Clear Your Instapaper Reading List Today

I’m a big Instapaper drive. I once put together an unread list of over 500 articles, essays, stories and other short articles (plus a couple of novels) in this app. I never intended to read everything I saved. It’s time to clean up my Instapaper. And if you’ve got a cluttered reading list in your Instapaper, pocket, or Evernote, it’s time to clean up yours as well.

Like any to-do list, a reading list often reflects over-urging. When you save a story, you picture yourself as the person who read the story: someone who understands bitcoin, someone who has an opinion of Lady Bird , someone who is emotionally moved by Cat Man.

But we may not always be all these people. (For example, no one will ever understand Bitcoin.) We are all very busy and there are more articles published on the web every day than one person could read in a lifetime. If you’re hoping to read what’s really important, you need to narrow down the definition of what’s important. Here are three strategies for shortening your list:

Strategy 1: The Mari Kondo Method

In The Life- Changing Magic of Cleaning Up , Mari Kondo recommends hugging all of your belongings to your chest and asking, “Does this make you happy?” You can try the same thing with your reading list: “Will I like reading this?”

Don’t think about how you feel after reading the article. Always nice to read something. What matters is how it feels to read . And “enjoy” doesn’t necessarily mean “feel happy.” You can “have fun” by reading a grueling article about war or depression, learning from it, or absorbing any strong emotion other than boredom. You can “enjoy” the required reading by feeling prepared for a meeting or midterm exams.

If this seems too abstract, ask instead, “May I not read this article?” Has the relevant information cycle already ended? Will anyone post a simpler overview of this article later? Anyone post a deeper dive? In any of these cases, archive this article.

The last question to ask yourself is, “Why did I keep this?” If you don’t remember and the article doesn’t sound particularly exciting, skip it.

There is something you really need to read: things for work, for school, for your friend who asks you every day if you’ve read his novel. But if all you feel is some vague feeling that “everyone should read this,” I allow you to archive this sucker right now. When people ask if you are reading this, say, “Sorry, I was busy!” When people argue about an article, don’t join them. You may feel left out, but is it worse than reading this boring article for a long time? Probably no!

Strategy 2: Fast Reading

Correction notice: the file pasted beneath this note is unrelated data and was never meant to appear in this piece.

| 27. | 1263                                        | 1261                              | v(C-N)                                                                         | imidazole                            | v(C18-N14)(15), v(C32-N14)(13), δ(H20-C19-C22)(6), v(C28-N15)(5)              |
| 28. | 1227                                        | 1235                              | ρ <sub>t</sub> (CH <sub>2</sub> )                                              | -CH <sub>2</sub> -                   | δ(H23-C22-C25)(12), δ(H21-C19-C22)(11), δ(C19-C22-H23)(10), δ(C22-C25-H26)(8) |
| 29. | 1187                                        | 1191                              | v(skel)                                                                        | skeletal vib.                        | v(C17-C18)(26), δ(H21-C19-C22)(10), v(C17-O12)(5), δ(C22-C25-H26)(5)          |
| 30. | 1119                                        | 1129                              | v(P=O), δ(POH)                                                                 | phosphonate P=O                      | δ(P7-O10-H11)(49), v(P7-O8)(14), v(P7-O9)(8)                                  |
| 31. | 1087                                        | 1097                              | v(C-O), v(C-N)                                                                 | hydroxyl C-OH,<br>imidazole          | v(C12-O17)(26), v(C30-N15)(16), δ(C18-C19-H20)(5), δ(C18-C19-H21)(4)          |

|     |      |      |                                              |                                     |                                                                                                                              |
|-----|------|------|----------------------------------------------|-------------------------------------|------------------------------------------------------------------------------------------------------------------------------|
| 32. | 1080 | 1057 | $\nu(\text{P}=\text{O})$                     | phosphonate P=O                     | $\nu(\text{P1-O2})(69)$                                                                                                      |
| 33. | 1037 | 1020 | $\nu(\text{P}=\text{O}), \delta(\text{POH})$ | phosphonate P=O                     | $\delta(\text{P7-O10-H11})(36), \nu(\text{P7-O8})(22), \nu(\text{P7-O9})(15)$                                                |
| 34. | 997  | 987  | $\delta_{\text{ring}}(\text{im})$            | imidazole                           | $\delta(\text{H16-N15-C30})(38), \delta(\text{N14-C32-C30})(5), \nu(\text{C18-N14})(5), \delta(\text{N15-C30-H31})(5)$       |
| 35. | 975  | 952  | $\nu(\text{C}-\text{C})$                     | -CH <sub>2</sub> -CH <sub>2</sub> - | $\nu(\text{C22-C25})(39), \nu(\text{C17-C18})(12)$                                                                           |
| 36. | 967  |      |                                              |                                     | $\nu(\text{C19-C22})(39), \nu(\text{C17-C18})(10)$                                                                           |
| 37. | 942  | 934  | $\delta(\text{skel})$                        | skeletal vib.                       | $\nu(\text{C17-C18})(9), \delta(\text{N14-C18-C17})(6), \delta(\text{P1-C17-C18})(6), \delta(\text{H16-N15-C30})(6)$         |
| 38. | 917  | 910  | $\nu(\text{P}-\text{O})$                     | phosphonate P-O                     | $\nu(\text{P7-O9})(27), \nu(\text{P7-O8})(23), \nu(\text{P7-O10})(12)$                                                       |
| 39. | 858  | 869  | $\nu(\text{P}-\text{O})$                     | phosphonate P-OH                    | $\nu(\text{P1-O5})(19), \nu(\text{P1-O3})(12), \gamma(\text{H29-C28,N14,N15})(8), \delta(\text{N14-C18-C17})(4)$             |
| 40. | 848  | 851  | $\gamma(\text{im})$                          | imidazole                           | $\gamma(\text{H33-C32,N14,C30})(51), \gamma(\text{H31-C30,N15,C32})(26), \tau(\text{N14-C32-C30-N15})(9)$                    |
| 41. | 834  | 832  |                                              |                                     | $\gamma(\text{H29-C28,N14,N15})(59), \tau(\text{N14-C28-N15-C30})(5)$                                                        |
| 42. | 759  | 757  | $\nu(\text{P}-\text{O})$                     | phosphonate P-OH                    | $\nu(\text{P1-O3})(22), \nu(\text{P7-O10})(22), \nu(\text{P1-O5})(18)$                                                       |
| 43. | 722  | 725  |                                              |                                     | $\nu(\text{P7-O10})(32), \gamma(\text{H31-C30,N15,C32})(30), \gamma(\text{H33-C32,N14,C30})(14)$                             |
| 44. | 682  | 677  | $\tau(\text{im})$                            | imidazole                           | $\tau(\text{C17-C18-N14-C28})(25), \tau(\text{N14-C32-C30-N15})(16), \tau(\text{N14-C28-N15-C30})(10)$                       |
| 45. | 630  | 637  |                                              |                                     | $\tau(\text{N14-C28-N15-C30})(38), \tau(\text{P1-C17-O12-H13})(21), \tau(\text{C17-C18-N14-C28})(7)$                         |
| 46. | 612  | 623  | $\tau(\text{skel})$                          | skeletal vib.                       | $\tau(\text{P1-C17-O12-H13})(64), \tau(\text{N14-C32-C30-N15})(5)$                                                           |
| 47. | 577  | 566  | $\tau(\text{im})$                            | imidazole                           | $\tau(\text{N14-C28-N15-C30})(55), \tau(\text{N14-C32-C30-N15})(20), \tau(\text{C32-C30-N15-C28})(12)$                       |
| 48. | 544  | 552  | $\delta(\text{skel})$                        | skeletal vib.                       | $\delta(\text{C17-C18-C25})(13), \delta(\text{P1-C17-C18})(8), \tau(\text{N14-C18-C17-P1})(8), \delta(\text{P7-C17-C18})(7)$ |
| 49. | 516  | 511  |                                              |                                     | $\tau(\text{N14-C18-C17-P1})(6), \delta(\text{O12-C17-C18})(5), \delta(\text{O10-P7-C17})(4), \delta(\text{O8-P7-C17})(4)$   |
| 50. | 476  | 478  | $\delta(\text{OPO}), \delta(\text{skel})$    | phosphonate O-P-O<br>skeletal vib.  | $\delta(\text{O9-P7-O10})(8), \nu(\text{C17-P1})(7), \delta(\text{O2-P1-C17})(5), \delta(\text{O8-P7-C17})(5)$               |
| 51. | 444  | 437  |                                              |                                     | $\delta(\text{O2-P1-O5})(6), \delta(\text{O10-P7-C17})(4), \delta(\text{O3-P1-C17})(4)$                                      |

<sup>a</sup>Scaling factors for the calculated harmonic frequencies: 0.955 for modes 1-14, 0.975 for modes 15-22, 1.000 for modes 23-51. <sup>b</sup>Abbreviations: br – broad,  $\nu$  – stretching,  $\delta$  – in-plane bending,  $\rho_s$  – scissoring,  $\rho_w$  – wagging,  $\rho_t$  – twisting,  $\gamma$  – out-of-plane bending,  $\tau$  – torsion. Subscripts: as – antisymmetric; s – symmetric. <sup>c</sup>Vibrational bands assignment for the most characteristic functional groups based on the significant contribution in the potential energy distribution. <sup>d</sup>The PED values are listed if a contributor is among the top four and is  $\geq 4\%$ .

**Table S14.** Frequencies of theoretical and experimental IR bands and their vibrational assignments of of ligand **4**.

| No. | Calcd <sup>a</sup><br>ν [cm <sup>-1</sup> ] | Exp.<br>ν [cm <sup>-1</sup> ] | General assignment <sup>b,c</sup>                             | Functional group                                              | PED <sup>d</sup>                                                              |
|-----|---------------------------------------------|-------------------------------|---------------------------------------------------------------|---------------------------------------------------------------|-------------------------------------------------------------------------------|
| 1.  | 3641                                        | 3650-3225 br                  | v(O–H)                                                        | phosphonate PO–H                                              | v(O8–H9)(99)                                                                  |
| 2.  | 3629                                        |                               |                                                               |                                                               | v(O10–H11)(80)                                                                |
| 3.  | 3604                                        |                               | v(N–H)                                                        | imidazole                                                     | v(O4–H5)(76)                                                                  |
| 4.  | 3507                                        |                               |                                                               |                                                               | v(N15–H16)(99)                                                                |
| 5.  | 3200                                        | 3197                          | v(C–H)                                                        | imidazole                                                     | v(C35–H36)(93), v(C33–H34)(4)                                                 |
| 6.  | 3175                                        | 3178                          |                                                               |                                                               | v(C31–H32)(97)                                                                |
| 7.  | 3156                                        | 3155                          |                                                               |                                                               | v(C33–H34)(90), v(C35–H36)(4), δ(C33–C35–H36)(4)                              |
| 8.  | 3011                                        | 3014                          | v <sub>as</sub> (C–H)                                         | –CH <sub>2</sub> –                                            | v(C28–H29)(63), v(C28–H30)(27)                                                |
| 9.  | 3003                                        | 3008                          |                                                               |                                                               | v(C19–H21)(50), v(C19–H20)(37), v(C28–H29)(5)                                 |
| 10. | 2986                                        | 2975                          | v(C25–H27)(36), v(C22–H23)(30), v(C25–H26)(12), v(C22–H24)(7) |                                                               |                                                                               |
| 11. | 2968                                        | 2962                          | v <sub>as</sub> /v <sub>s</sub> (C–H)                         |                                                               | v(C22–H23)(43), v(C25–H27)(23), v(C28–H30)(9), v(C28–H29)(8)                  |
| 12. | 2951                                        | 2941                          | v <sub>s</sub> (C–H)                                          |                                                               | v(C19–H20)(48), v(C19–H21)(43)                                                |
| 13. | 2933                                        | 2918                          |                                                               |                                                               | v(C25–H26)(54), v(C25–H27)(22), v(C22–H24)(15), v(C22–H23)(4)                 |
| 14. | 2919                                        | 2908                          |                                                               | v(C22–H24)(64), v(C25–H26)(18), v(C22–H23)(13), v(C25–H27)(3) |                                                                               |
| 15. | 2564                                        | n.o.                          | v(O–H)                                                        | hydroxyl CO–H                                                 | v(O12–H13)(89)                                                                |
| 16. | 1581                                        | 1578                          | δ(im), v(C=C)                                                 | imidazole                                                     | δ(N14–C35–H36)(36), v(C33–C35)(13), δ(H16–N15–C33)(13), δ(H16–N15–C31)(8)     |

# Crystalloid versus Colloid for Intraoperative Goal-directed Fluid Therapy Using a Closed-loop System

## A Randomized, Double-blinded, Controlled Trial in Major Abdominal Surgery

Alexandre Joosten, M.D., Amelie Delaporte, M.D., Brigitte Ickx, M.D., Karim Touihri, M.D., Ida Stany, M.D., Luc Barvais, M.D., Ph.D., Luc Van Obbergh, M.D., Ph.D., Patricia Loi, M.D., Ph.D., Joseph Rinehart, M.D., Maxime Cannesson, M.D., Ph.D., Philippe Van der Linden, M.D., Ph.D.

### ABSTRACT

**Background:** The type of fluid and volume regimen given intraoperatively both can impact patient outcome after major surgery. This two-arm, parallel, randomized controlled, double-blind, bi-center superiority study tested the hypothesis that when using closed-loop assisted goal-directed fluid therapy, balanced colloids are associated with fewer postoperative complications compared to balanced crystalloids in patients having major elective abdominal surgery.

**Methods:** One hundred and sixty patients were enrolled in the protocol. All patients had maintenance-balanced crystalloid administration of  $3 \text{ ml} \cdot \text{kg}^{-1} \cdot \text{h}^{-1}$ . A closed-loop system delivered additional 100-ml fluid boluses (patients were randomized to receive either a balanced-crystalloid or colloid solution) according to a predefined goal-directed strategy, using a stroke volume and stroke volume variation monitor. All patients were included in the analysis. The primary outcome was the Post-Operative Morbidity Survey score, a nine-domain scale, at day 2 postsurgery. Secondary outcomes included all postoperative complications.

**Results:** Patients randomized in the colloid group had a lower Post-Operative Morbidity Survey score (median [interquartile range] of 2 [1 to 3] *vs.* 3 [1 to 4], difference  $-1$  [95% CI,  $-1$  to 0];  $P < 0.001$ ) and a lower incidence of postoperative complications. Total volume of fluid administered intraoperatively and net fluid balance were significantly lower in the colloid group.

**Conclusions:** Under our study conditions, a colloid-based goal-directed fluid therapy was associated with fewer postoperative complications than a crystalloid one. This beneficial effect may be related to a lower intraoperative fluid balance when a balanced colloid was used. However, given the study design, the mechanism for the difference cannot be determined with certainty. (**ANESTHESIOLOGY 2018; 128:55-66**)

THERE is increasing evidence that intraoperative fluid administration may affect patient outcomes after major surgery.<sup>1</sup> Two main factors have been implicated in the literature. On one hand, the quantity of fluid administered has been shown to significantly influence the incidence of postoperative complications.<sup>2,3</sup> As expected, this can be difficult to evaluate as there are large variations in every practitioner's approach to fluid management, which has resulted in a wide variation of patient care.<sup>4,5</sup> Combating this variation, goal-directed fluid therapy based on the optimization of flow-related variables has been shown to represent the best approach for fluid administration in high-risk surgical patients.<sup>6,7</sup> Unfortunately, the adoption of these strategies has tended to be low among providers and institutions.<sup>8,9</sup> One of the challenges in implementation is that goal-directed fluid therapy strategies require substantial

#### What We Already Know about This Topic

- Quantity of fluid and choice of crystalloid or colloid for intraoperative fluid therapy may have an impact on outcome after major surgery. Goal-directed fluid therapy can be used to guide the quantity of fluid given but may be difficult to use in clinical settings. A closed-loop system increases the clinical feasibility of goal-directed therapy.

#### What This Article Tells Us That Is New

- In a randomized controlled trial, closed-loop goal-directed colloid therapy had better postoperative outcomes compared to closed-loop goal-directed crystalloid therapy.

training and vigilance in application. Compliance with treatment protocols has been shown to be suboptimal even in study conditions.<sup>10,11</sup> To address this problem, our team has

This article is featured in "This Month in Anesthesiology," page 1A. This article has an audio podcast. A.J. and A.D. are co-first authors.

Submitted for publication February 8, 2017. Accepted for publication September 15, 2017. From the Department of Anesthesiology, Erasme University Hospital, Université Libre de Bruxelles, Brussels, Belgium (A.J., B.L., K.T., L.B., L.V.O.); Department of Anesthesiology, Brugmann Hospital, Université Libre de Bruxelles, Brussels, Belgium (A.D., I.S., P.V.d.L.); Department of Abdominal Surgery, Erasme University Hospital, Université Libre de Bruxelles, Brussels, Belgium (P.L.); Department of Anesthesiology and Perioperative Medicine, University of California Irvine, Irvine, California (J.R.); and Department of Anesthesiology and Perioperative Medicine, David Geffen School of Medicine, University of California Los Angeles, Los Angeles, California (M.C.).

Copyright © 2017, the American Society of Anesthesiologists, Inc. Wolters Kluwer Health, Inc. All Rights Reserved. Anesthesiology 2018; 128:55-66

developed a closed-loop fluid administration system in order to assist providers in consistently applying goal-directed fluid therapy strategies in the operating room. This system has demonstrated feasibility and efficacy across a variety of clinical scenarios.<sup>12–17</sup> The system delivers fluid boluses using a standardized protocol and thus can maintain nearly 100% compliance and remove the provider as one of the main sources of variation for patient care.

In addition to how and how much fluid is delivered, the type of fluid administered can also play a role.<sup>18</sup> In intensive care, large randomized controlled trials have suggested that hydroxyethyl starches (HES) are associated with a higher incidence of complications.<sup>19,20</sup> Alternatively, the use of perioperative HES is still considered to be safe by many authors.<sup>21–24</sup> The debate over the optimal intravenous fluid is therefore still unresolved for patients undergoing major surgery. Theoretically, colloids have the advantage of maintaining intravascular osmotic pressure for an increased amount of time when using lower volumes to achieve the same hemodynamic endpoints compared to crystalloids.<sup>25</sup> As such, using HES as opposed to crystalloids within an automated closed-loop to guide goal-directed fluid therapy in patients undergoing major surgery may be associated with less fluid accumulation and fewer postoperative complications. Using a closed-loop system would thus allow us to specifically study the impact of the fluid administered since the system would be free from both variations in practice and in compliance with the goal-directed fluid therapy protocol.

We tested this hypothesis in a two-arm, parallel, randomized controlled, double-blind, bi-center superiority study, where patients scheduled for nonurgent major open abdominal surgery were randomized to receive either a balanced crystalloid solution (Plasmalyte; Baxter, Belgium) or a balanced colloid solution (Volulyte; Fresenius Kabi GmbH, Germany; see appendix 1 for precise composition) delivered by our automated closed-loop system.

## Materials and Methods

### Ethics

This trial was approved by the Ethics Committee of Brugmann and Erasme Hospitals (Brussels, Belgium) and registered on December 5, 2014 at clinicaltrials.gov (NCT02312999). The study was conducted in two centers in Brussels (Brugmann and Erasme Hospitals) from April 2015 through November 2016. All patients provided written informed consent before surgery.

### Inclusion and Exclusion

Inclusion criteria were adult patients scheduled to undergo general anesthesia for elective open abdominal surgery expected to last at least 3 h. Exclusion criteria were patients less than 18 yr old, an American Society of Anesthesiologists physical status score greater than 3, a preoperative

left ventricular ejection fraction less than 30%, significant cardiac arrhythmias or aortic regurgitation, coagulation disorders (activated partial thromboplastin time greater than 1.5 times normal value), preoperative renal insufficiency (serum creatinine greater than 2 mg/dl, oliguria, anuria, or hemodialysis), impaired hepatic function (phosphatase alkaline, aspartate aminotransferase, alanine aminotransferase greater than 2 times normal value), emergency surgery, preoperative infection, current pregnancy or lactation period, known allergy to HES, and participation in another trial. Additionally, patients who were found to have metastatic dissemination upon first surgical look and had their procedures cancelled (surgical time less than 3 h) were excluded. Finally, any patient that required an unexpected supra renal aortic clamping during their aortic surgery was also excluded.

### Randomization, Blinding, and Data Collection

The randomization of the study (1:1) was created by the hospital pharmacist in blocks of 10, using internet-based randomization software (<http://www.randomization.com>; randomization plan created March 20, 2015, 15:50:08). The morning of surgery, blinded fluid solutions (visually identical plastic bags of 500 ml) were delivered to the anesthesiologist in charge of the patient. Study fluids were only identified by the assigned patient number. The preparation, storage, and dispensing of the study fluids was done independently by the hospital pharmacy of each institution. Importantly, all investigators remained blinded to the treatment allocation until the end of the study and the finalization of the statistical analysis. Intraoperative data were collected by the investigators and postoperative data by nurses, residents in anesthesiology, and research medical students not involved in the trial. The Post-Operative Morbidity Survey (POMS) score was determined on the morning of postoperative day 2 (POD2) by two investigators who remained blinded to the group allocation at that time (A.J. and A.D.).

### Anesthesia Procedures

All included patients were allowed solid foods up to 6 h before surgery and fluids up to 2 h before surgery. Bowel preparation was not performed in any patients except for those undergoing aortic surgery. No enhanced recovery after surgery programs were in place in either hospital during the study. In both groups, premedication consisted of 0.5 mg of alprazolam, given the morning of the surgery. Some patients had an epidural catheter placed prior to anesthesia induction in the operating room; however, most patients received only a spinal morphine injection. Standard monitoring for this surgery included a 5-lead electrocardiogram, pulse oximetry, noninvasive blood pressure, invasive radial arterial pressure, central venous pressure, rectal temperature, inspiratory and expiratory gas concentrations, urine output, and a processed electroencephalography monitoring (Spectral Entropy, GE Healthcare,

At the start of one typical reading session – commuting, lunchtime, your kids’ sleep – check how many pieces are on your reading list. Then guess how many of them you might look at, just to get the gist, before the session ends. Now try to refute this assumption.

You can get bogged down by reading one of the articles. It’s not scary; this is kind of the goal of the whole exercise. But if you notice that you are doing this, put this article aside for later – it passed the test – and find something leaner.

Strategy 3: Great Sort

If you are too shy for the above methods, but still worried about a pile of unread documents, create a folder “for long term use”. Anytime you read an article and you are tempted to switch to another or even Twitter, move that article to your long-term use folder. If you have a few old articles at the top of your list that you always scroll through, move them to a folder for long term use. Move everything that interests you to this folder.

Then you can read all the fun in your home folder (Inbox) before returning to the long-term folder and digging into it as you see fit.

You may never be able to open this long-term folder. If so, great! You probably never intended to read these passages – and that’s okay – but they’re still there if you change your mind.

Keeping sanity

I don’t believe Marie Kondo’s promise that if you clean your house one day, you will never fill it up with rubbish again. You won’t magically stop saving boring articles. But you can improve their archiving.

Sort your articles from oldest to newest, and don’t allow yourself to skip past articles (if you keep skipping one, archive it). To keep abreast of outstanding assignments, enable the unread entries icon in the reader application. When this number becomes too large, conduct a browsing session.

Test different methods and choose what works for you. But whatever method you use, remember: nobody reads everything. And nobody should.

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